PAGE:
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Inside Iowa State, a newspaper for faculty and staff, is published by the Office of University Relations.

May 17, 2007

Summer orientation: a chance to convince the undecided

by Anne Krapfl

Three years ago, it was rare for college-bound students to participate in more than one university's summer orientation, says Liz Kurt, director of New Student Programs. Now, she regularly hears comments from students -- or their parents -- about other orientations they have attended.

What that means to Kurt and her orientation staff is that they still have some convincing to do. Even among students who have applied, been admitted, accepted their offer of admission, paid $275 in fees and deposits, and registered for a summer orientation, some have not made their final decision to attend Iowa State, she said.

In groups of up to 300, an estimated 3,800 would-be freshmen will attend a two-day ISU orientation session between May 31 and June 26. At either end of that window, another 300 transfer students will attend a one-day orientation designed for them. Joining them on campus for the test run will be nearly 5,500 parents, guardians and siblings.

"Family members are so much more involved in students' lives than they used to be," said Megan Parker, program coordinator for New Student Programs. "Increasingly, more parents do their homework. They know what questions to ask, they have expectations."

Normally hosted primarily in the Memorial Union, orientation will operate from the west side of campus this year due to renovation work at the Union. Key sites include Hoover Hall, the Union Drive Community Center and Martin Residence Hall, where participants first check in when they arrive on campus (and where they may stay overnight, if they opt to stay on campus).

Orientation guests will use parking lot 59A (west side of Martin Hall), lot 60 (off Hayward Ave. in Campustown) and lot 7 (former site of Westgate Hall, across from the student health center).

Details, details

Part of what the incoming students need to get done during orientation Kurt refers to as "business details": they get their e-mail accounts and ISU Cards, they meet their advisers for the first time and register for fall classes, they take English and foreign language assessment exams for fall placement, they attend college-specific and department sessions, they learn how to pay their university bill online, they may opt to tour residence halls or the library, or look into becoming part of the Greek student community. Sessions for family members cover topics such as the health service, campus safety and parking policies, and offer suggestions for making the transition to college smoother for their students.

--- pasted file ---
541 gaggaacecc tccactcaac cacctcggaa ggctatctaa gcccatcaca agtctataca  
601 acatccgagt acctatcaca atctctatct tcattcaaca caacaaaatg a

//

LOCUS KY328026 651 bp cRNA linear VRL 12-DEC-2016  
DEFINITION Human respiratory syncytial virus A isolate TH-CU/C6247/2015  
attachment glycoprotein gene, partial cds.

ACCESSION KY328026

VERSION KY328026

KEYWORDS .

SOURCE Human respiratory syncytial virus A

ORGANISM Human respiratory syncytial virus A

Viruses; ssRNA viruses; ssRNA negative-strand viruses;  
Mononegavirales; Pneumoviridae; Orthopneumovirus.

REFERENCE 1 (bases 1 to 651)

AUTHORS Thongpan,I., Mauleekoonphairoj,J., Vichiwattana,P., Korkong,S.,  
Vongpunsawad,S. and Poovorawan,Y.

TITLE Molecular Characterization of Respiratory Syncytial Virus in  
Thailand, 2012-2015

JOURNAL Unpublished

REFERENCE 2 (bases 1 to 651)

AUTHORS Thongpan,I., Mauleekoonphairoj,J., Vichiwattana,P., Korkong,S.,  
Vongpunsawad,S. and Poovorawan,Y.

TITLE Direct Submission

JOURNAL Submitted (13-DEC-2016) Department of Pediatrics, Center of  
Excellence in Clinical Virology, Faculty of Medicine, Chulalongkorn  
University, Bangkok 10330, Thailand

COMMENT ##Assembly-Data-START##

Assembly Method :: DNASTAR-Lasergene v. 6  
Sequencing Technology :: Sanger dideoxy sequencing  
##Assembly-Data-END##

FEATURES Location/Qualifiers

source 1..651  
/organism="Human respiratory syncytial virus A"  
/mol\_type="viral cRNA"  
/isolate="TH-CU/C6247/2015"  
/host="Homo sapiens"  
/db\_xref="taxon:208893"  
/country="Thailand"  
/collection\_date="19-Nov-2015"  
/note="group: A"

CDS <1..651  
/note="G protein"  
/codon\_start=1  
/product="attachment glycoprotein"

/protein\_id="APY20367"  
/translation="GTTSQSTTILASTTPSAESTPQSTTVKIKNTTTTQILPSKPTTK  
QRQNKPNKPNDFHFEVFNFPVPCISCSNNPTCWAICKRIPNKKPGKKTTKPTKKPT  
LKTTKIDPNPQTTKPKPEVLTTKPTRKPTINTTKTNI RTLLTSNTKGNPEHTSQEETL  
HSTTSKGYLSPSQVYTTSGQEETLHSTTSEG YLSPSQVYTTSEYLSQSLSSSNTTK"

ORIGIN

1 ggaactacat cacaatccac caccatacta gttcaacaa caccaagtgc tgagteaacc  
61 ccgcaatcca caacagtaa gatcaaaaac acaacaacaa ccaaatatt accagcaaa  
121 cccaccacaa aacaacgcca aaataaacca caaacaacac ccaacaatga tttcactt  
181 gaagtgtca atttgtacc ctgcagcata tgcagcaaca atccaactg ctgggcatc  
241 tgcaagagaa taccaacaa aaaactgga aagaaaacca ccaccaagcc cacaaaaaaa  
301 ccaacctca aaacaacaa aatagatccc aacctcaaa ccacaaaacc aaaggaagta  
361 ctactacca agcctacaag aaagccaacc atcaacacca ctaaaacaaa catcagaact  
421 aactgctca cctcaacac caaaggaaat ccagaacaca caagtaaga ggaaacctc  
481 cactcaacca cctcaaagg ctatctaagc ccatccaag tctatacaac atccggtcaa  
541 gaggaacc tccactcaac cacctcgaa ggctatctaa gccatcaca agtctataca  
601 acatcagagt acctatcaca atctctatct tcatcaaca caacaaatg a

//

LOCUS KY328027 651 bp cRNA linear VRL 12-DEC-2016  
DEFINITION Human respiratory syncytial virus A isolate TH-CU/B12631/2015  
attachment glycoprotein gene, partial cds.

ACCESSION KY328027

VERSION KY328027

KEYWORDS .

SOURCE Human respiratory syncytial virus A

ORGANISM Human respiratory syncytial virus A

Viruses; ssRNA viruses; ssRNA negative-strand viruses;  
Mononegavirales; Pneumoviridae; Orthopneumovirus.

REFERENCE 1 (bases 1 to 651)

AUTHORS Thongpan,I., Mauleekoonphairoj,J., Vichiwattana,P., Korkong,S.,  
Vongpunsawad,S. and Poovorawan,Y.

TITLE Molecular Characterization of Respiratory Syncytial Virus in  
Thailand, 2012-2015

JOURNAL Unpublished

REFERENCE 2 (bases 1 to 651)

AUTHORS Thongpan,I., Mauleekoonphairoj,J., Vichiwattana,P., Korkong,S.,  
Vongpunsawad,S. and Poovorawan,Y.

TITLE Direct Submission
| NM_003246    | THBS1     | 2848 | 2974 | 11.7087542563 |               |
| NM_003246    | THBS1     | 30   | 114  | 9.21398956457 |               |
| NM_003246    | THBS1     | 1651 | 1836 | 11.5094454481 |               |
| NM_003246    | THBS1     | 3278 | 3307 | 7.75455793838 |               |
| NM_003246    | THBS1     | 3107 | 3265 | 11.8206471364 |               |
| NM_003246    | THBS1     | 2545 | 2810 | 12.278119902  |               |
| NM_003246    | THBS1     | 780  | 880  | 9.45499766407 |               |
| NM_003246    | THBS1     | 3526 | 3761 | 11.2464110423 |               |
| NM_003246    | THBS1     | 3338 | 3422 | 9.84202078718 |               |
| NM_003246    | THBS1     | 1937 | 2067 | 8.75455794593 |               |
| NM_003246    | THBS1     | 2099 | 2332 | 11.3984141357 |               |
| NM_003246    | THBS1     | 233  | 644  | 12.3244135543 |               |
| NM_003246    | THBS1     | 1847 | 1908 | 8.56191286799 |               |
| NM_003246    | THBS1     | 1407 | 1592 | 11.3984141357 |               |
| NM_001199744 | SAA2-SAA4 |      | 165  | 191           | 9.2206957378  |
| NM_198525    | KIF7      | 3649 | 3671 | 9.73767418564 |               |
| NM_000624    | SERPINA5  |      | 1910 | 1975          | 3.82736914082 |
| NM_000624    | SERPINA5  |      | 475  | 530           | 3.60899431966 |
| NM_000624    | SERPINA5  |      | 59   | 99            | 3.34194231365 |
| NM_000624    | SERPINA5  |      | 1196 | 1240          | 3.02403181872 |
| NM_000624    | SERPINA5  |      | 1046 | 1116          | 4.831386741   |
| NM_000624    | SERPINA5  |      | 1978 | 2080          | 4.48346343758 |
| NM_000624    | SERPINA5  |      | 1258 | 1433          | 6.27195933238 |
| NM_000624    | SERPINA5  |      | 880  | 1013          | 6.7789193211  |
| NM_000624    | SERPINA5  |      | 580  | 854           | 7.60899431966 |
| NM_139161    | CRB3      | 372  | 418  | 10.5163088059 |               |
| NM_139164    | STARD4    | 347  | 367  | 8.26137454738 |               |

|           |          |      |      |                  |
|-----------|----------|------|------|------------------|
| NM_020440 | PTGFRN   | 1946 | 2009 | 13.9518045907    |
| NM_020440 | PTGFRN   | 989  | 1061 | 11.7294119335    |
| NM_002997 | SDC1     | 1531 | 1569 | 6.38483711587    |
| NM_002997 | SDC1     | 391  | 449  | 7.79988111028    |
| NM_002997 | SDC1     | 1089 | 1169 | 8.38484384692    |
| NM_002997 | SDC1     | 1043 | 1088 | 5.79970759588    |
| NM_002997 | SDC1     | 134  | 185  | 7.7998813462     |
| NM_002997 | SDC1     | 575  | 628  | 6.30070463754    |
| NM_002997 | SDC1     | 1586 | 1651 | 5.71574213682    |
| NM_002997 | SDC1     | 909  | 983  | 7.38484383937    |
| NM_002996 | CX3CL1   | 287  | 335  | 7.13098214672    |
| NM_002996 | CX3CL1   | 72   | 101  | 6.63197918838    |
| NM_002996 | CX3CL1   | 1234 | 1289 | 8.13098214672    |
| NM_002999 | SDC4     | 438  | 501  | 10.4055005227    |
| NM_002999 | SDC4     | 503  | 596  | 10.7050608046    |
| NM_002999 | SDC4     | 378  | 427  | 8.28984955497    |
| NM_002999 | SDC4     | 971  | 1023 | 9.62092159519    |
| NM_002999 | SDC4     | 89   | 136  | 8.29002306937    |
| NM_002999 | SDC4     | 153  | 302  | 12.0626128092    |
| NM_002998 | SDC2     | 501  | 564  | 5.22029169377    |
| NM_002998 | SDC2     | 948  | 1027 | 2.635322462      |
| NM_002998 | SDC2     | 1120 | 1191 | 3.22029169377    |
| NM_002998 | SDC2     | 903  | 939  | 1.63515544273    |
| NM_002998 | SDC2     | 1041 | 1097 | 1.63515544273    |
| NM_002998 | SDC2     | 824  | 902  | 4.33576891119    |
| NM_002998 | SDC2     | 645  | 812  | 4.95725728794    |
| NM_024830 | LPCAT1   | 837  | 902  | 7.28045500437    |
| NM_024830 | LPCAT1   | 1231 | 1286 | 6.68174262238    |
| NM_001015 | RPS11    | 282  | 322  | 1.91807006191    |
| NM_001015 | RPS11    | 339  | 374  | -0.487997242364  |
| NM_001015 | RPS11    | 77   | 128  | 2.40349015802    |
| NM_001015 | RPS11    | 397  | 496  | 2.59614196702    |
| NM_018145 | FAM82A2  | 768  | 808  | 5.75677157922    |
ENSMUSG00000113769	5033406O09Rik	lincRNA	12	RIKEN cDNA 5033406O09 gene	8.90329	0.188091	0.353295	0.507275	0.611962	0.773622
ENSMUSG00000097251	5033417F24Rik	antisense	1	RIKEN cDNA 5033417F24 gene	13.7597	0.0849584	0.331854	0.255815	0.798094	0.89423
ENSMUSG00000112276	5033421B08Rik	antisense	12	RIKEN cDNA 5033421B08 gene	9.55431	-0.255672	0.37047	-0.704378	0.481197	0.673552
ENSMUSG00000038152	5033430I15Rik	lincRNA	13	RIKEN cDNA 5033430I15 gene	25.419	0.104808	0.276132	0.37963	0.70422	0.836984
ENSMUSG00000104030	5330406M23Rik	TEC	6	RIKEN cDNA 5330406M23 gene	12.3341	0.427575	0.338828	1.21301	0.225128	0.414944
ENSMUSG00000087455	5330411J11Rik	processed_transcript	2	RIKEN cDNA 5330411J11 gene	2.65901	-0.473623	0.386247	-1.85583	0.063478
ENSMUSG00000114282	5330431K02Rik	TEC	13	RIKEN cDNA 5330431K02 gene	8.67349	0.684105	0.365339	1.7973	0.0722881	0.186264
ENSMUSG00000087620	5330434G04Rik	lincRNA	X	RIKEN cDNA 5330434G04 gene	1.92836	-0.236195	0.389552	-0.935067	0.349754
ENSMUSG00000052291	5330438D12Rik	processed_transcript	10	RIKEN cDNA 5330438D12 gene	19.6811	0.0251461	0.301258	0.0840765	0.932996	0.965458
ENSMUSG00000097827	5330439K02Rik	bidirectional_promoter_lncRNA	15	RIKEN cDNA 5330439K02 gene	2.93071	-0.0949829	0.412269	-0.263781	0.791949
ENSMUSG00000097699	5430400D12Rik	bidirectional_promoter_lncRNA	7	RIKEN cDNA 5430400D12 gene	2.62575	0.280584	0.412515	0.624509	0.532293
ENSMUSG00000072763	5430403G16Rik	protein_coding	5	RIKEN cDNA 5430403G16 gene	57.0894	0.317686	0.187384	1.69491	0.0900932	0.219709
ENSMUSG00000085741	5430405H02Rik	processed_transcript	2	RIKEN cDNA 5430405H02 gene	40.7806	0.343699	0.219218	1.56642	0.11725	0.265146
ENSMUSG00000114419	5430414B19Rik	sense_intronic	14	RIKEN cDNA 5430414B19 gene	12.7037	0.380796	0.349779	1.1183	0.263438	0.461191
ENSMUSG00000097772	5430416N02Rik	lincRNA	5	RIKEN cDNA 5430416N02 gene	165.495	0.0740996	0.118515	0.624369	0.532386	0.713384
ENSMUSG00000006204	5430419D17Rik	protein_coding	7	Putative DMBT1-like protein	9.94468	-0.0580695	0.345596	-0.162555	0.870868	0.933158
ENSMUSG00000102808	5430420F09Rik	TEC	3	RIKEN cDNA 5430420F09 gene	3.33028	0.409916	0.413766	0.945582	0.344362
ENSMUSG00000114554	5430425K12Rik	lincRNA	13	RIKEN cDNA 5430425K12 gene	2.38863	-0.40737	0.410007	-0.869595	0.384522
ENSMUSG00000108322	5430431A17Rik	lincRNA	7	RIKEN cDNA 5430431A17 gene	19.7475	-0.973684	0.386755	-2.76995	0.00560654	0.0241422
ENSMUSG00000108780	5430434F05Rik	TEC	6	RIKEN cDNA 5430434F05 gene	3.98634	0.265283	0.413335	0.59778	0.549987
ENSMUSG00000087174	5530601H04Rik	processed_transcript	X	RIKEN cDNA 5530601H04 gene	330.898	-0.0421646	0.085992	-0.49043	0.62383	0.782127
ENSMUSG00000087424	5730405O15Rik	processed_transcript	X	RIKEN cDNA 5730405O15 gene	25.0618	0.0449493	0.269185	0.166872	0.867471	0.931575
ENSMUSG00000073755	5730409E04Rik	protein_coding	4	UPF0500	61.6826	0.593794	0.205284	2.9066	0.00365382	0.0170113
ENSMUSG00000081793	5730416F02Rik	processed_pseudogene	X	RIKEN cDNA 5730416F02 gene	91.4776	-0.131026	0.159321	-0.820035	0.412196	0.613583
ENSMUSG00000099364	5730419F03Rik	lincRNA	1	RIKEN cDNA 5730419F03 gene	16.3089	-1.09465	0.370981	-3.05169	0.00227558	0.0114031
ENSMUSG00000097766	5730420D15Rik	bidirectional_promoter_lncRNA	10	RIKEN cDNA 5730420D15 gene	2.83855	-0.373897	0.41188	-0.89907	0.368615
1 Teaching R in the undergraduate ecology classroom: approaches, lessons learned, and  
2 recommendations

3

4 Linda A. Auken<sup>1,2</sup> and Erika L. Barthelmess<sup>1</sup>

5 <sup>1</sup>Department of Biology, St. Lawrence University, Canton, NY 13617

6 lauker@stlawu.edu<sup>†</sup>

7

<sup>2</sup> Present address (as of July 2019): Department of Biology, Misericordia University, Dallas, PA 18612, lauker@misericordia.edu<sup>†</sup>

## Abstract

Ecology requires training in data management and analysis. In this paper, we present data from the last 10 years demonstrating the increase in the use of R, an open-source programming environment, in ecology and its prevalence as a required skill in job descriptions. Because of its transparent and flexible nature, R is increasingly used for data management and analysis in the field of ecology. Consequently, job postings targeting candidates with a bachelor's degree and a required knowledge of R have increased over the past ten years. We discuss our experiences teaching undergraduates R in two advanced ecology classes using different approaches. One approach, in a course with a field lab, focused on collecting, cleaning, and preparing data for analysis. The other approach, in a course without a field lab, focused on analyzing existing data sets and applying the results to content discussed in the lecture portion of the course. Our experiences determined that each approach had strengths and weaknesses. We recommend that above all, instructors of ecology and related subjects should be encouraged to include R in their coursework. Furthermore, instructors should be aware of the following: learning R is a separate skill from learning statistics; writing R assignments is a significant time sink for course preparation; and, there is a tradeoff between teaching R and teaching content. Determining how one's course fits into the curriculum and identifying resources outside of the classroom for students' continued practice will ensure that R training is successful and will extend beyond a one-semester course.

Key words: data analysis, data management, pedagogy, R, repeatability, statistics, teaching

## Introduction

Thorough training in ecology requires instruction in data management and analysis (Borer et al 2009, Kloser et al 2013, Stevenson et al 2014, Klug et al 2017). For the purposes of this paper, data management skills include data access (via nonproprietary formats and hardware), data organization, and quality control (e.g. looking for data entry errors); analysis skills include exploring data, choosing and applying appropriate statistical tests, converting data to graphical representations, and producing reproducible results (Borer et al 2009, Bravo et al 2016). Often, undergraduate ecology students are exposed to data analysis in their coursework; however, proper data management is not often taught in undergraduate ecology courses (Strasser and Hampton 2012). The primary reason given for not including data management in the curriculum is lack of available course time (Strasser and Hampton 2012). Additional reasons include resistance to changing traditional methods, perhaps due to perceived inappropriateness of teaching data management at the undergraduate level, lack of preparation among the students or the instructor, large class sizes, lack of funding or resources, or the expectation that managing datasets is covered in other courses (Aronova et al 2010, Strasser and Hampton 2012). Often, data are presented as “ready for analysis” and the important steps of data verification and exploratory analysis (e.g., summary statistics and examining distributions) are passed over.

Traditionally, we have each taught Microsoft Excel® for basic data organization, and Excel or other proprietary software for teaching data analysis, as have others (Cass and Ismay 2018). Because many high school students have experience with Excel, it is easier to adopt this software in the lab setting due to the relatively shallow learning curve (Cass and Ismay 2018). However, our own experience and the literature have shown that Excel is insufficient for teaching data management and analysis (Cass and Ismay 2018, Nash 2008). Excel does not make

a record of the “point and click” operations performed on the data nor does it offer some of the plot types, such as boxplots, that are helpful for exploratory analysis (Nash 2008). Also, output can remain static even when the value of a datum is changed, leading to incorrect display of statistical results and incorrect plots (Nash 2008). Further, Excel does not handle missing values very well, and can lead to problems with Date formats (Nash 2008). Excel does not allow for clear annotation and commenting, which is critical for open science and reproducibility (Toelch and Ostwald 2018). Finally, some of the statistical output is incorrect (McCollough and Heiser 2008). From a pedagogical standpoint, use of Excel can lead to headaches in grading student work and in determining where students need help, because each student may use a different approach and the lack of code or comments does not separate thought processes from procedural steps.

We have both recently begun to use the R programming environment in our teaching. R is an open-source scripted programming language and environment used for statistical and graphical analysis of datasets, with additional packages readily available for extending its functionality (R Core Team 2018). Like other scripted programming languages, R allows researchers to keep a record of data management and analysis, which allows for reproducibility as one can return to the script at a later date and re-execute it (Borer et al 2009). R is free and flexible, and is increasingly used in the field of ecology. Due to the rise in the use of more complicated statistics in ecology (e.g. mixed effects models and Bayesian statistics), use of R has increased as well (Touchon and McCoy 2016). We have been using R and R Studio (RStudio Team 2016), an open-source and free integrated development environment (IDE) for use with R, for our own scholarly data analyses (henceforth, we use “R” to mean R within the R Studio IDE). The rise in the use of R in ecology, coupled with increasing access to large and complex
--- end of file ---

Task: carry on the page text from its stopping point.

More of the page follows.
But, Kurt said, equally important to her team is that incoming students feel great about picking Iowa State and that families leave campus with no worries or unanswered questions about their August move-in day.

"There are so many factors that go into achieving that, including some we can't control -- like the weather or road construction or even the dynamics among family members," she said. But, nine out of 10 times Kurt, Parker, another staff member or one of 35 Cyclone student aides can resolve an issue before the family departs from the orientation session.

"I don't want a family to leave here feeling unsure about something, whether it's a scheduling issue or a residence assignment or whatever," Parker said. "If I can help take care of it, then they leave happy."

Kurt noted that orientation is designed to alleviate some of the stress of transitioning to college life -- including academic and social aspects. "They hear this at other times, but another thing we try to share with them at orientation is all the resources available to them at Iowa State that will help them be successful students," she said.

It's a team effort

In addition to her paid staff, Kurt said she relies on uncounted volunteers around campus to let orientation guests know that Iowa State is a good place to be.

It's the little things that can have an impact, she said: holding a door open, offering directions to visitors who look stumped about their surroundings, being patient if your lunch line is a little longer than usual. Orientation students are recognizable by their red mini backpacks.

Kurt also mentioned the several dozen faculty or staff members who represent their colleges on a volunteer panel, responding to questions from parents and other family members. This panel is offered the second morning of every orientation session.

"We appreciate those who commit their time to this. Their assistance and dedication is invaluable to the overall experience for our students and guests," she said. "The families love this time with the faculty."

Summer orientation

Xiaoqing Wu, associate professor of geological and atmospheric sciences, meets with an incoming freshman to discuss her fall classes during a previous summer orientation. File photo by Bob Elbert.


Summer Orientation

For freshmen:
May 31-June 26 (16 2-day sessions)

For transfer students:
May 30 or June 27